The Ukiyo-e genre of art flourished in Japan between the 17th and 19th century. The term translates as “picture[s] of the floating world.” Its artists produced woodblock prints and paintings of such subjects as female beauties; kabuki actors and sumo wrestlers; scenes from history and folk tales; travel scenes and landscapes; flora and fauna; as well as erotica. Sometimes, ukiyo-e woodblocks also presented winter landscapes and that’s what we offer you for these hot summer days.
Woodblock prints were initially used as early as the eighth century in Japan to disseminate texts, especially Buddhist scriptures. In 1765, new technology made it possible to produce single-sheet prints in a whole range of colors. Woodblock printing had been used in China for centuries to print books, long before the advent of movable type, but was widely adopted in Japan during the Edo period (1603-1868).
The medium quickly gained popularity and was used to produce affordable prints as well as books. It also became very popular among 19th century European artists.
When we think of Japan, we tend to imagine spring landscapes with blooming cherry trees. There are, however, many beautiful ukiyo-e prints from the Edo period that show Japanese winter landscapes and historic Tokyo cityscapes covered in picturesque fluffy snow.
1. Tsuchiya Koitsu
This ukiyo-e print by Koitsu shows the famous view of a small island in Hiroshima Bay, Miyajima (Itsukushima), covered with fresh snow. The wind seems to blow little snowflakes from the branches, making them circle in the air. The torii of Itsukushima Shrine depicted in this print is the island’s most recognizable landmark, standing still today.
2. Utagawa Hiroshige
This depiction of the drum bridge in Meguro comes from Hiroshige’s One Hundred Famous Views of Edo, probably the most renowned series of ukiyo-e. It heavily inspired Vincent van Gogh, who had a tendency to copy other artists.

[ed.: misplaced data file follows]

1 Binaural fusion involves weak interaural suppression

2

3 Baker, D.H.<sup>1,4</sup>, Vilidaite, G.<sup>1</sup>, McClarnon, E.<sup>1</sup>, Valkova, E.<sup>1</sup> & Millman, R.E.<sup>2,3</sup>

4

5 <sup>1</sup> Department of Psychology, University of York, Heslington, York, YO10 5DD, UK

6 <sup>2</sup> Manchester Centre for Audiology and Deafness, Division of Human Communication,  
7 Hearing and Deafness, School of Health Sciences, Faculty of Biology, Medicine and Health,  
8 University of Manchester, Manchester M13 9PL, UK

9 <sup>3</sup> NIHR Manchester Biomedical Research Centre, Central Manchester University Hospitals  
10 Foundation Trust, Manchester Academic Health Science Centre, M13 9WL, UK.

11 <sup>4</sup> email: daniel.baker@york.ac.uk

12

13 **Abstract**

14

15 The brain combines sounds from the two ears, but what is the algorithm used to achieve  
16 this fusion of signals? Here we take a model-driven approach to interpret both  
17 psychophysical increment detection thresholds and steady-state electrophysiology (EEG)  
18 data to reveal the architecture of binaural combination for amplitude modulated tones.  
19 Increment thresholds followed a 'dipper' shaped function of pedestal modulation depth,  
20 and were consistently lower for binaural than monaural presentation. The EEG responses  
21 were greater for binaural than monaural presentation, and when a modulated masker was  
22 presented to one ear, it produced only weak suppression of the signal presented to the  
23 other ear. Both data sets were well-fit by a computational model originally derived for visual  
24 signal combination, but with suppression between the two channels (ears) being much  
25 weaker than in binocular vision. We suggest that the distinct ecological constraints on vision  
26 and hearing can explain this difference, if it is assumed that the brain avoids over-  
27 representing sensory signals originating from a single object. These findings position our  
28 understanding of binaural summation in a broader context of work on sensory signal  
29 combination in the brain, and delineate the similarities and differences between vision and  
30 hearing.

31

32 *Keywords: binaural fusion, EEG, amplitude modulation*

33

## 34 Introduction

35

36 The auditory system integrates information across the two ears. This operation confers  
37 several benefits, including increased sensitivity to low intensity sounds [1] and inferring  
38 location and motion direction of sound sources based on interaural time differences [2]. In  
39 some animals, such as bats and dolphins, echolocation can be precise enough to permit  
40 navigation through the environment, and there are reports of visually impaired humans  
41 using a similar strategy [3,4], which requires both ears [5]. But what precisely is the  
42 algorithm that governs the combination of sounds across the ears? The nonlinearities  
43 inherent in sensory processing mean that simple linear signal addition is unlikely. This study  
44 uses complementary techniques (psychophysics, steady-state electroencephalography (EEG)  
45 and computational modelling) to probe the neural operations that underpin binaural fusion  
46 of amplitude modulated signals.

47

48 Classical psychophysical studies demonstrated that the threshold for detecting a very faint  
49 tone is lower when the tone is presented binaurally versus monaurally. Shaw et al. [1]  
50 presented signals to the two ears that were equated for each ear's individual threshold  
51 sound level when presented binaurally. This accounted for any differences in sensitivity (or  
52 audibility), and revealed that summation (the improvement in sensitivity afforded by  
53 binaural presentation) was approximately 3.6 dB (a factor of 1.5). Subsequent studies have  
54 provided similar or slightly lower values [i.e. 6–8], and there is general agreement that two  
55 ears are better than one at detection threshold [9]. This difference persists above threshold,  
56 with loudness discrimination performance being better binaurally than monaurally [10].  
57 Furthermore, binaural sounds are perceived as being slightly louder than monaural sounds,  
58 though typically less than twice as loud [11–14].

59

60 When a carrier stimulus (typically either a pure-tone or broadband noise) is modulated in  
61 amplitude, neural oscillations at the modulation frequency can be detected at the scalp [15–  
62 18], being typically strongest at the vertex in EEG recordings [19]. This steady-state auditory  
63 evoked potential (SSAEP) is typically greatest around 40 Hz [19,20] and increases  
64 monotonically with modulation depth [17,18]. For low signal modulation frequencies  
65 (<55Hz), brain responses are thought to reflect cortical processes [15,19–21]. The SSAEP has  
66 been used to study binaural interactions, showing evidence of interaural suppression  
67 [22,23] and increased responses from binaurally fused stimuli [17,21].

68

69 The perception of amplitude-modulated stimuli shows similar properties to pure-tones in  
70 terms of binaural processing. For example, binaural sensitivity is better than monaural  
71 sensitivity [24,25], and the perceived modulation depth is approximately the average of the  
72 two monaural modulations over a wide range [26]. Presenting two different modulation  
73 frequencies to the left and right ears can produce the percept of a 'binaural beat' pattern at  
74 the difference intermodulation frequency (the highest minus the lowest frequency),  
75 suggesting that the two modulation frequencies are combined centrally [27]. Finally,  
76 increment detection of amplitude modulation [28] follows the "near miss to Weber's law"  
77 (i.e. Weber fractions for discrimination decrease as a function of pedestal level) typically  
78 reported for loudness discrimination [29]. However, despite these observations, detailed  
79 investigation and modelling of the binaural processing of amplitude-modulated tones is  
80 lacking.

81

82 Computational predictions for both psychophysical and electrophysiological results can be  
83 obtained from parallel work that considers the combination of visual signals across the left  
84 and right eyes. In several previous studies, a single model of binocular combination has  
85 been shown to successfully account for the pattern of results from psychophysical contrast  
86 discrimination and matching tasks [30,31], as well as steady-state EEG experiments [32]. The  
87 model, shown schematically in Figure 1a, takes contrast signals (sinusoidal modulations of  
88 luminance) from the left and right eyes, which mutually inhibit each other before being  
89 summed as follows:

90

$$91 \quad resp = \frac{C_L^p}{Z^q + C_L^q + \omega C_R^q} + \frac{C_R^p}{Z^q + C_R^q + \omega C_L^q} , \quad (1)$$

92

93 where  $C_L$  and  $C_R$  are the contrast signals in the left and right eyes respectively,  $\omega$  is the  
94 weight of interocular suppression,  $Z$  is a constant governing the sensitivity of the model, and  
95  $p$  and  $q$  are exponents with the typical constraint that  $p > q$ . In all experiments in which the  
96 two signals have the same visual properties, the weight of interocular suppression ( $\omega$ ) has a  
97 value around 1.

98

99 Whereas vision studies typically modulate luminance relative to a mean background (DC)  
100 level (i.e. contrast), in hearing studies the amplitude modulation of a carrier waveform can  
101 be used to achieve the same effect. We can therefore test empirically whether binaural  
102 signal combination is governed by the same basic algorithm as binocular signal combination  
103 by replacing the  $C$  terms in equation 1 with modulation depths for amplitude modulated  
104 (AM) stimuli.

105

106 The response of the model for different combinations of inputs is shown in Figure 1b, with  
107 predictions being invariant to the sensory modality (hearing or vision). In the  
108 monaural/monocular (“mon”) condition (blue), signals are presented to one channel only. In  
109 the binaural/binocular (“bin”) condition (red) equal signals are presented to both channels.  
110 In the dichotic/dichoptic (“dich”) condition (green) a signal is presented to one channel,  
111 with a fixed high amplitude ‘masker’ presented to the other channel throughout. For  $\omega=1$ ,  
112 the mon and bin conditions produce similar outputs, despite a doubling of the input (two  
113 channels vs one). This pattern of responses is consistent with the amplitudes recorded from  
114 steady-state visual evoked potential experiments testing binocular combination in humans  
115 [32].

3. Suzuki Harunobu
Suzuki Harunobu was a master of ukiyo-e prints and an inventor of nishiki-e, full-color prints. His work covers a variety of themes, including shunga – Japanese erotic images. Harunobu was famous for depicting contemporary beauties. This theme is called bijin-ga and means “beautiful person picture.”
The second of the prints shown above might be bijin-ga type of ukiyo-e. In it, three pretty courtesans are depicted in cozy winter scenery. The first print holds a different atmosphere – already the title, Children Rolling a Large Snowball, and Eating Some as They Go, suggests something playful and careless, such as fun in the snow.
4. Hasui Kawase
Hasui Kawase depicted traditional subjects with a Western twist and created a unique and colorful style in his prints and watercolors. He was one of the most important designers of the shin-hanga (“new prints”). On this wintery ukiyo-e, we can see a solitary person standing in front of overwhelmingly monumental architecture. Harsh winter weather with strong gusts of imaginably chilly wind tear at the small black umbrella, already covered with a layer of snow.
Not always is winter in ukiyo-e prints friendly and beautiful. Sometimes, like on this particular Kawase’s print, it might be dark, disturbing, and ominous. Hasui Kawase is an author of many exquisite prints which even inspired creators of popular anime series and films.
5. Kikugawa Eizan
Kikukawa Eizan was another talented ukiyo-e designer specializing, like Suzuki Harunobu, in bijin-ga. You can see this in the woodblock print, shown above, a beautiful woman. She is dressed in an elaborate traditional costume and is in idyllic winter scenery, accompanied by two sweet children.
6. Utagawa Kuniyoshi
At the end and for the dessert, one of our favorite pieces from Japanese art, where the main character is a cat (and you all probably know already that DailyArt loves cats). This triptych designed by Utagawa Kuniyoshi served us as an official DailyArt Christmas card in 2019!
Do you like winter? Or maybe you prefer wintery prints and paintings when you can enjoy the beautiful views without freezing your butt off?
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